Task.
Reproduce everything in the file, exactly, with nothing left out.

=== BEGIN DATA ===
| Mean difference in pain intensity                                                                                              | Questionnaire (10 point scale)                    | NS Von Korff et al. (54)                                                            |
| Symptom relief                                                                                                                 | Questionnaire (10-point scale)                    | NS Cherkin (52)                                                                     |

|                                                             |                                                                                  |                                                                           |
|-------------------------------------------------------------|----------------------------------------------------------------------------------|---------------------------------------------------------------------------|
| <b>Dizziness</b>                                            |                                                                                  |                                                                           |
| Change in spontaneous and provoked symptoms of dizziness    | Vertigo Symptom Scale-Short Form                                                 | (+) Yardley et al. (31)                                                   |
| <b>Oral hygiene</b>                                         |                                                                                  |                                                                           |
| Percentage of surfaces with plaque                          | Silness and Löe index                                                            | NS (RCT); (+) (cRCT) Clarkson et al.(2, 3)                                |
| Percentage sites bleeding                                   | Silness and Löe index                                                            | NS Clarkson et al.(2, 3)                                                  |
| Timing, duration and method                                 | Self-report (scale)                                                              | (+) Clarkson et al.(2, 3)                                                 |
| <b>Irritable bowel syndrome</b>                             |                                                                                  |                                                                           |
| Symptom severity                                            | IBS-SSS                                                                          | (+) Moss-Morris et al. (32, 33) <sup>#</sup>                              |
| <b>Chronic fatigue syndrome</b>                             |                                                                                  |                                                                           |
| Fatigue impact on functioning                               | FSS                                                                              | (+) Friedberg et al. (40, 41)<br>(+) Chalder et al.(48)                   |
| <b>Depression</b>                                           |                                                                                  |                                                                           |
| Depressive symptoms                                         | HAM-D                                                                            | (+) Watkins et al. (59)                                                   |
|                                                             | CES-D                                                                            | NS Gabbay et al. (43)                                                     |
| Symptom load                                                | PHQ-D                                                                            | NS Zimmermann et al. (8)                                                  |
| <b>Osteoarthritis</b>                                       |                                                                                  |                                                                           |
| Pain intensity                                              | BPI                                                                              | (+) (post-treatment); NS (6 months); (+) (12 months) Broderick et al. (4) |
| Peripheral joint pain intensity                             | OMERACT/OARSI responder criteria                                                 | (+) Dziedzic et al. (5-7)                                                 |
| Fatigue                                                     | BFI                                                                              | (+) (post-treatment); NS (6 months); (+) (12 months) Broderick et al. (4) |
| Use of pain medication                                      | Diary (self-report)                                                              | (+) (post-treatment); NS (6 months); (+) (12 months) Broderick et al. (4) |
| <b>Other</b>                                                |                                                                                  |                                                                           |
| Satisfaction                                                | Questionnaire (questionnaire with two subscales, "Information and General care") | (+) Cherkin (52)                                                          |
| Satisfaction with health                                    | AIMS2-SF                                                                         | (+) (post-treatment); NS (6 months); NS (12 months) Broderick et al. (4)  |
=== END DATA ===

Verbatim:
| Mean difference in pain intensity                                                                                              | Questionnaire (10 point scale)                    | NS Von Korff et al. (54)                                                            |
| Symptom relief                                                                                                                 | Questionnaire (10-point scale)                    | NS Cherkin (52)                                                                     |

|                                                             |                                                                                  |                                                                           |
|-------------------------------------------------------------|----------------------------------------------------------------------------------|---------------------------------------------------------------------------|
| <b>Dizziness</b>                                            |                                                                                  |                                                                           |
| Change in spontaneous and provoked symptoms of dizziness    | Vertigo Symptom Scale-Short Form                                                 | (+) Yardley et al. (31)                                                   |
| <b>Oral hygiene</b>                                         |                                                                                  |                                                                           |
| Percentage of surfaces with plaque                          | Silness and Löe index                                                            | NS (RCT); (+) (cRCT) Clarkson et al.(2, 3)                                |
| Percentage sites bleeding                                   | Silness and Löe index                                                            | NS Clarkson et al.(2, 3)                                                  |
| Timing, duration and method                                 | Self-report (scale)                                                              | (+) Clarkson et al.(2, 3)                                                 |
| <b>Irritable bowel syndrome</b>                             |                                                                                  |                                                                           |
| Symptom severity                                            | IBS-SSS                                                                          | (+) Moss-Morris et al. (32, 33) <sup>#</sup>                              |
| <b>Chronic fatigue syndrome</b>                             |                                                                                  |                                                                           |
| Fatigue impact on functioning                               | FSS                                                                              | (+) Friedberg et al. (40, 41)<br>(+) Chalder et al.(48)                   |
| <b>Depression</b>                                           |                                                                                  |                                                                           |
| Depressive symptoms                                         | HAM-D                                                                            | (+) Watkins et al. (59)                                                   |
|                                                             | CES-D                                                                            | NS Gabbay et al. (43)                                                     |
| Symptom load                                                | PHQ-D                                                                            | NS Zimmermann et al. (8)                                                  |
| <b>Osteoarthritis</b>                                       |                                                                                  |                                                                           |
| Pain intensity                                              | BPI                                                                              | (+) (post-treatment); NS (6 months); (+) (12 months) Broderick et al. (4) |
| Peripheral joint pain intensity                             | OMERACT/OARSI responder criteria                                                 | (+) Dziedzic et al. (5-7)                                                 |
| Fatigue                                                     | BFI                                                                              | (+) (post-treatment); NS (6 months); (+) (12 months) Broderick et al. (4) |
| Use of pain medication                                      | Diary (self-report)                                                              | (+) (post-treatment); NS (6 months); (+) (12 months) Broderick et al. (4) |
| <b>Other</b>                                                |                                                                                  |                                                                           |
| Satisfaction                                                | Questionnaire (questionnaire with two subscales, "Information and General care") | (+) Cherkin (52)                                                          |
| Satisfaction with health                                    | AIMS2-SF                                                                         | (+) (post-treatment); NS (6 months); NS (12 months) Broderick et al. (4)  |